1. Describe assets in the public location environment. 2. Describe the threats to assets in the public location environment (natural, man-made or accidental)
Part I: Complete the Vulnerability Assessment of Critical Infrastructure Assets on a public location with which you are familiar. The word count for all of Part I should be 400 words.
1. Describe assets in the public location environment.
2. Describe the threats to assets in the public location environment (natural, man-made or accidental)
3. Rank your assets based on value. List only your top five assets.
4. What types of (threatening) activities could occur, based on each of the five assets? Cite sources of examples of similar assets being threatened in similar settings.
5. Identify current protection measures in place for assets.
Part II: Create a threat assessment report that summarizes your findings. The word count for all of Part II should be 975 words. Include the following:
1. Write an historical background on the public space you assessed.
2. Explain which assets would require the most protection.
3. Explain weak and strong protection measures, and detail improvements that need to be made to eliminate the weak measures.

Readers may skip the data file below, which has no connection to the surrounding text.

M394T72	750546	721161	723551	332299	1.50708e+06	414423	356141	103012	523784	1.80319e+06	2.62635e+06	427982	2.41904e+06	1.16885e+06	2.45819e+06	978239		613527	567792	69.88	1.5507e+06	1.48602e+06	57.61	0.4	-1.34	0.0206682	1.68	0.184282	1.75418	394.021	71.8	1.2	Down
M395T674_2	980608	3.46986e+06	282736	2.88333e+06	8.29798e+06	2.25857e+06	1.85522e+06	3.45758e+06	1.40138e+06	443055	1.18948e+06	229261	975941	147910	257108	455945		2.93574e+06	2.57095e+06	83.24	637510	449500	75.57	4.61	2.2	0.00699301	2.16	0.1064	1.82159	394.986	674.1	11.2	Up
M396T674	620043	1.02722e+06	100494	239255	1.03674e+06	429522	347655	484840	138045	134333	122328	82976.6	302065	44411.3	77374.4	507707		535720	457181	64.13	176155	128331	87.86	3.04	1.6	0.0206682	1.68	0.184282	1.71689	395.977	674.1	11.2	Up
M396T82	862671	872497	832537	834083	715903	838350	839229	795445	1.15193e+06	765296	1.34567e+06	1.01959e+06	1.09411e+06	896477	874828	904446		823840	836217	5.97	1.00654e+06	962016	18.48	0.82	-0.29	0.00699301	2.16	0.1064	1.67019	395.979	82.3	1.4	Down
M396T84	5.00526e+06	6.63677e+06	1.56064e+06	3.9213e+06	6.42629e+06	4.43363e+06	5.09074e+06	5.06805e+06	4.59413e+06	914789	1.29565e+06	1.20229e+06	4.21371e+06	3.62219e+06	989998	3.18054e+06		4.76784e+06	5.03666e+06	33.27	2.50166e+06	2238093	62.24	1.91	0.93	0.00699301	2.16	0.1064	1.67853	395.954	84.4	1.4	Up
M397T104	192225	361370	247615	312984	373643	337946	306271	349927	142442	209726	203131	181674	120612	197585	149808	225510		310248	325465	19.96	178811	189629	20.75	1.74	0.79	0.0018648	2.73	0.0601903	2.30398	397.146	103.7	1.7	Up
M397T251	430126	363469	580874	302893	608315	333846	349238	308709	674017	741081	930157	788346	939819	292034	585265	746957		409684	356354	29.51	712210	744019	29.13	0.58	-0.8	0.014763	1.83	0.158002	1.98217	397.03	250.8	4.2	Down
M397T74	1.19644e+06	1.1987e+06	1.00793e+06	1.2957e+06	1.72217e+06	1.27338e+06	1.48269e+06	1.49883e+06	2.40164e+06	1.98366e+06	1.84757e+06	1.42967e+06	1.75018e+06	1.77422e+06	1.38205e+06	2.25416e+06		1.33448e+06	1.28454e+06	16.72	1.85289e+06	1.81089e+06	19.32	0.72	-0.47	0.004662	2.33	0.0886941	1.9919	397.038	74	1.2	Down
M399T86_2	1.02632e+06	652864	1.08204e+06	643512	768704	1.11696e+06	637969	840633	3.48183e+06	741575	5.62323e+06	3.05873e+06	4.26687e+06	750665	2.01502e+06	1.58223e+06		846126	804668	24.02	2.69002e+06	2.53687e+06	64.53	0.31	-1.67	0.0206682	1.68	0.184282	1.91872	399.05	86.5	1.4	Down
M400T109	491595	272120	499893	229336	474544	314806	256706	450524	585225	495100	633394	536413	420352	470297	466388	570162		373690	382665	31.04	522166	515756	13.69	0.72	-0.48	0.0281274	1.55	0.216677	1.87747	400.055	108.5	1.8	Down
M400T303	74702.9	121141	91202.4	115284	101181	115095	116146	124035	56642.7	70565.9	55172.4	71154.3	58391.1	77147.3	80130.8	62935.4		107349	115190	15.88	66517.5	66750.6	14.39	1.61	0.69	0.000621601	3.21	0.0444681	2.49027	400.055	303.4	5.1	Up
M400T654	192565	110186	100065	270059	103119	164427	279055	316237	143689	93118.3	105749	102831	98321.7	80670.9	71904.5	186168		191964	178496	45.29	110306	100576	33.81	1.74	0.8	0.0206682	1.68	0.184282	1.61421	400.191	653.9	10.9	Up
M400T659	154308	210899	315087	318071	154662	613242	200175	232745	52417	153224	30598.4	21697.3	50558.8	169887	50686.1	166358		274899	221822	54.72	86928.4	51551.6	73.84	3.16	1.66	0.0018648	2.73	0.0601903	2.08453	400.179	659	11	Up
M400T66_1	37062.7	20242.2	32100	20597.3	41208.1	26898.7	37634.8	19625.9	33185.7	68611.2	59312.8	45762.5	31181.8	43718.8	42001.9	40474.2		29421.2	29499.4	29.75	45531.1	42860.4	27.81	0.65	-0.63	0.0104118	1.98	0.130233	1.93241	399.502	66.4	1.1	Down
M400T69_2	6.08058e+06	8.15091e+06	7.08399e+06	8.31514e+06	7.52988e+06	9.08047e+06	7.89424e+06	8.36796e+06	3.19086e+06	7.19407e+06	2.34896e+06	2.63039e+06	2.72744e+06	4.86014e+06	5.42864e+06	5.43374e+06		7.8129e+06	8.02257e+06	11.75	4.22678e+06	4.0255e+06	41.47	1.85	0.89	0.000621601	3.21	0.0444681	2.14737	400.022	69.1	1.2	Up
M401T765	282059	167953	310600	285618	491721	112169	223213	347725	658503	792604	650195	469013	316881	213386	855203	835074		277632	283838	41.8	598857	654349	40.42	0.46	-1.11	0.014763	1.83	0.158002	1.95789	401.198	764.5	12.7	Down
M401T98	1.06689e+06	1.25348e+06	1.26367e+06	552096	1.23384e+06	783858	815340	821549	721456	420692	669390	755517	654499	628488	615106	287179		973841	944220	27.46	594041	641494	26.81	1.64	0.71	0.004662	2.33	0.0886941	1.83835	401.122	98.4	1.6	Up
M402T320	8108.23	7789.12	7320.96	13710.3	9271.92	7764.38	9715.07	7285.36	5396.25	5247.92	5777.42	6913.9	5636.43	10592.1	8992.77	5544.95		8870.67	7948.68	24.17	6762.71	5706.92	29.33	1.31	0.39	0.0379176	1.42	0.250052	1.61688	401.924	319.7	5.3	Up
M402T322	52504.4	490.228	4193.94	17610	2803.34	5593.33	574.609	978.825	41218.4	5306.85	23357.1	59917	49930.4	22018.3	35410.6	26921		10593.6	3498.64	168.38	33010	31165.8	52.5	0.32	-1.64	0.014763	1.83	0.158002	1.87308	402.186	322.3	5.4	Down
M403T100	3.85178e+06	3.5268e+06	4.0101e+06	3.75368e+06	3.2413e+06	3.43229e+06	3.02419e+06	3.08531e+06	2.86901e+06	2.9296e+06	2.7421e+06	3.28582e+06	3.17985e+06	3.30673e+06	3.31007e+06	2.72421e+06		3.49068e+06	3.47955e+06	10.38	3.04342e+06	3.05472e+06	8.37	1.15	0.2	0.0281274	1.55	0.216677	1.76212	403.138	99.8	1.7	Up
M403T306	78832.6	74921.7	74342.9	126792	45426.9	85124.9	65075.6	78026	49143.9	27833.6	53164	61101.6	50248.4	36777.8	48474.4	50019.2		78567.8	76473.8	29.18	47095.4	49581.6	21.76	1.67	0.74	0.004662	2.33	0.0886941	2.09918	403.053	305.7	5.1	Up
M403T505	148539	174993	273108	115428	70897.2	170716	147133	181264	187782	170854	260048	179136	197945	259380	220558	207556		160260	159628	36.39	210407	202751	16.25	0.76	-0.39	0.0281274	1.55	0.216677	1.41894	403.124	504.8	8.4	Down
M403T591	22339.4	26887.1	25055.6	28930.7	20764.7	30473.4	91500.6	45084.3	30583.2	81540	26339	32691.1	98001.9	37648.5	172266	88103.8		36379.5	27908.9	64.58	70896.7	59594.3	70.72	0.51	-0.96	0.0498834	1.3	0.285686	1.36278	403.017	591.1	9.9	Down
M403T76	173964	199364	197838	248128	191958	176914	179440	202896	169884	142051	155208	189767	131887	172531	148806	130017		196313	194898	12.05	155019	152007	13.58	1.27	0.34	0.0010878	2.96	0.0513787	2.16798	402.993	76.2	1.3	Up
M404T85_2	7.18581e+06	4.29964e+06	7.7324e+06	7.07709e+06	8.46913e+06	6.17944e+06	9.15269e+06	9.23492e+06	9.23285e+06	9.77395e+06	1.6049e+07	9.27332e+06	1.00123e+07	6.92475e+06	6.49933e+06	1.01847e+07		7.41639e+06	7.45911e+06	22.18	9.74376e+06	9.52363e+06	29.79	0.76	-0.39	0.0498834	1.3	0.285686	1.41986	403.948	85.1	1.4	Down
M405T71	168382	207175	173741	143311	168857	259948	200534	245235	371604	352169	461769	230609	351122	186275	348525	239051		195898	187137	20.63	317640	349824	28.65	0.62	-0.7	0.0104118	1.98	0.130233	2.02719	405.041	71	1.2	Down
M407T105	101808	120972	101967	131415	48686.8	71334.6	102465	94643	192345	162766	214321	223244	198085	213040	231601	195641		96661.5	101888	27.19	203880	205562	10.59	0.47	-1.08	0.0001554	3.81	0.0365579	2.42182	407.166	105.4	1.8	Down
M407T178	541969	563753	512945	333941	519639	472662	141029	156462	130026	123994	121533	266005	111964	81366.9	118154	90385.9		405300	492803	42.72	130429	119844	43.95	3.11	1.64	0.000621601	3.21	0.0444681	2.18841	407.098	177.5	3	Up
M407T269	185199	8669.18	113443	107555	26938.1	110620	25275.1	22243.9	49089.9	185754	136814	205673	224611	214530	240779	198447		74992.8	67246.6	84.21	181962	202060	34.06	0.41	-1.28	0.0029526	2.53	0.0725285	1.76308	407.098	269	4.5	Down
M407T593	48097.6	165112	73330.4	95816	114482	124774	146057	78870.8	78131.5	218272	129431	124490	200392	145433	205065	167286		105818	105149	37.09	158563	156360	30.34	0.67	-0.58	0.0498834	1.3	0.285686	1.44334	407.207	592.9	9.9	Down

4. Provide an assessment of the recommended protection measures and why they are the best approach to strengthen the security of the environment.
Our definition is broad. A community asset (or community resource, a very similar term) is anything that can be used to improve the quality of community life. And this means:
One student of communities, John McKnight, has noted:
“Every single person has capacities, abilities and gifts. Living a good life depends on whether those capacities can be used, abilities expressed and gifts given.”
Community members of all stripes and from all sectors should be involved in identifying assets. One reason here is the commitment to participatory process that you’ll find in most Community Tool Box sections. An even more important one, however, is that community members from a broad range of groups and populations are far more likely to identify assets that may not be apparent to everyone. The community’s perception of what constitutes an asset or a resource is at least as legitimate as the “standard” list of institutions and people with specific skills.
A number of garbage-strewn, overgrown empty lots in a neighborhood can be seen as an eyesore and a neighborhood shame. But those lots can also be seen as open space that can be turned into playgrounds, pocket parks, and farmers’ markets with volunteer labor that in itself provides a neighborhood community-building opportunity. Community perception is crucial, because seeing something as an asset can make it possible to use it as one.